Luke, reading his poem.
And the freakouts did not stop there. Andrea presented me with a gift from the group that I very awkwardly started to open while everyone stared at me. She had handmade a beautiful card with herbs painted all over it, in which DeAnn had written the kindest things possible, and everyone had signed.
Looking awkward as everyone stares at me.
Then I rooted around in the gift bag and saw a box with this symbol on it:
I had a distinct fight or flight kind of emotion and just said, “no,” as all the blood drained from my face. They had given me the best knife in the entire world (Wusthof Classic line, all one piece, forged, etc.), that knife’s lil’ baby cousin (of the same quality), a Wusthof cutting board, and a honing contraption. FOR NO REASON. I mean, for lots of reasons they stated, but no distinct occasion. Just ‘cause. They had been emailing and planning it for almost a month—ever since the second SOCRGversary.
Excuse the Instagram pic; this is my only closeup of the knives.
And it wasn’t over. Ryan then stepped out and got his guitar and harmonica. He had written a song about SOCRG. So, he played it for everyone while I tried to control the weird expressions my face was making.
No, I won’t stop holding presents to listen to this song.
It was wonderful. The verses were funny and specific—about our foods and craft beers and things people have said and topics to avoid in the group. My favorite verse goes as follows: “Now we’ve got Thomists and poets, / Franciscans and Koreans, fathers and mothers to be, / And they all disagree. That’s the beauty.” When he got to the chorus, everyone started singing! They had practiced and memorized the whole thing. It was so bizarre. I’ve never experienced anything like it. I’m still feeling a bit shell-shocked from it the next day.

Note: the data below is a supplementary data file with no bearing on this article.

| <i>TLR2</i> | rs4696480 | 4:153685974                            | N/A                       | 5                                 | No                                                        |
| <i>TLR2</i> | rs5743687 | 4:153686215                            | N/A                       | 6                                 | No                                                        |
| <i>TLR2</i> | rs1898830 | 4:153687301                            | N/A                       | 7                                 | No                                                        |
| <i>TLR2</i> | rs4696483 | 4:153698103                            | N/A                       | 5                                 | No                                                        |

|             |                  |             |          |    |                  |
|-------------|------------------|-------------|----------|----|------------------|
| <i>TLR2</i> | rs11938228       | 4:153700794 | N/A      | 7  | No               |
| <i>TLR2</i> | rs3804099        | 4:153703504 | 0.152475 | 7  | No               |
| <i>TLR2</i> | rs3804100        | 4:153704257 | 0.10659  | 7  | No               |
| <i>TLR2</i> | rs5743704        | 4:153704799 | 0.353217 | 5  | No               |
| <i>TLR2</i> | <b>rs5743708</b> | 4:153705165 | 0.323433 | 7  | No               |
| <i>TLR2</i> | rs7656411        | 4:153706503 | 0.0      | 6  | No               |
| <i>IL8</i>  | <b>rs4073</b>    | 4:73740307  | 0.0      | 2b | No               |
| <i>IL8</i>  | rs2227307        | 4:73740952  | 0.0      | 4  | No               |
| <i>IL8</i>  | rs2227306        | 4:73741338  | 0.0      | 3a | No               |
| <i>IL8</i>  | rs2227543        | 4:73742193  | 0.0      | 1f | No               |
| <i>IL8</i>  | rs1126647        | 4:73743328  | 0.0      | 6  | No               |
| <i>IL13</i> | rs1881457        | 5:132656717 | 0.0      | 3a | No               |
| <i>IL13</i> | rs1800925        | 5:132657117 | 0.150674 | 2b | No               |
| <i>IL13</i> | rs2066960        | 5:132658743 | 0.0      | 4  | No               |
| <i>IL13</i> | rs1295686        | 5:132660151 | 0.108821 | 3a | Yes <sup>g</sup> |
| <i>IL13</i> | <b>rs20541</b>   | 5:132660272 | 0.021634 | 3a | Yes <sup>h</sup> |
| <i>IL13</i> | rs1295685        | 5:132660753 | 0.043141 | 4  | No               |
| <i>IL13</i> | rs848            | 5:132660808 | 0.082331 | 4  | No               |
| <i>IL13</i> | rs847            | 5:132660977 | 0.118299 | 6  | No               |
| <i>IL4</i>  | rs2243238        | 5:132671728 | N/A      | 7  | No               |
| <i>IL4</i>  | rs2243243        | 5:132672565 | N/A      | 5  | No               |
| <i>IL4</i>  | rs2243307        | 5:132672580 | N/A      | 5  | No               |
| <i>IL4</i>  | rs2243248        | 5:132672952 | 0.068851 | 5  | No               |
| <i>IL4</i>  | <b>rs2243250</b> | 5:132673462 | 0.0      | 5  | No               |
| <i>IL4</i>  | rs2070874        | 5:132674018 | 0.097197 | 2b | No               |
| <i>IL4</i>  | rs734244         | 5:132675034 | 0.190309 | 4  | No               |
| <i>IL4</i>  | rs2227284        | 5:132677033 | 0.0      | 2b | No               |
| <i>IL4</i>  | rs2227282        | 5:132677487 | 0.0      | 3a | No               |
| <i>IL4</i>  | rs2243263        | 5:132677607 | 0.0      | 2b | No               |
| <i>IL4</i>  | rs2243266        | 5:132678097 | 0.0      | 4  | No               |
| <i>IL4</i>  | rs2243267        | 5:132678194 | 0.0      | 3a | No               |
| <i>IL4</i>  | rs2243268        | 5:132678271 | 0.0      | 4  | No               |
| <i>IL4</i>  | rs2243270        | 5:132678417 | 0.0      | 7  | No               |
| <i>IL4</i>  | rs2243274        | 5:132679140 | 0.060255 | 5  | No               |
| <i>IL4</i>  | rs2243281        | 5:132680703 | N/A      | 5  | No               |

There is something about this group that is unlike any other community I’ve been a part of. After we had eaten soup, listened to Clifton’s conversion story, discussed purgatory, tried Andrea’s best-cookies-in-the-universe (chocolate chip with browned butter, Nutella centers, and sea salt), Clifton’s delicious pralines (pecan, bourbon, brown sugar treats), Alli’s epitome-of-fall baked apples, and many had dispersed, a few stragglers and I discussed what makes SOCRG so special. The conclusion we generally came to is that SOCRG is community in its proper place. This doesn’t just mean that we have a proper amount of small group self-revelation or something—though I think we’re right on target for that. It means that the center and lifeblood (literally) of our faith is found in the Mass, and thus SOCRG cannot have a primary or necessary role in our experience of the Church. This certainly does not make SOCRG less important; it just makes it what it is: a community of personal friends joined by affection, shared beliefs, and a communal task. “Church” has got to be more than that. As Flannery O’Connor said, if the Church isn’t more than that it turns into an Elks Club; in which case an Elks club would serve just as well.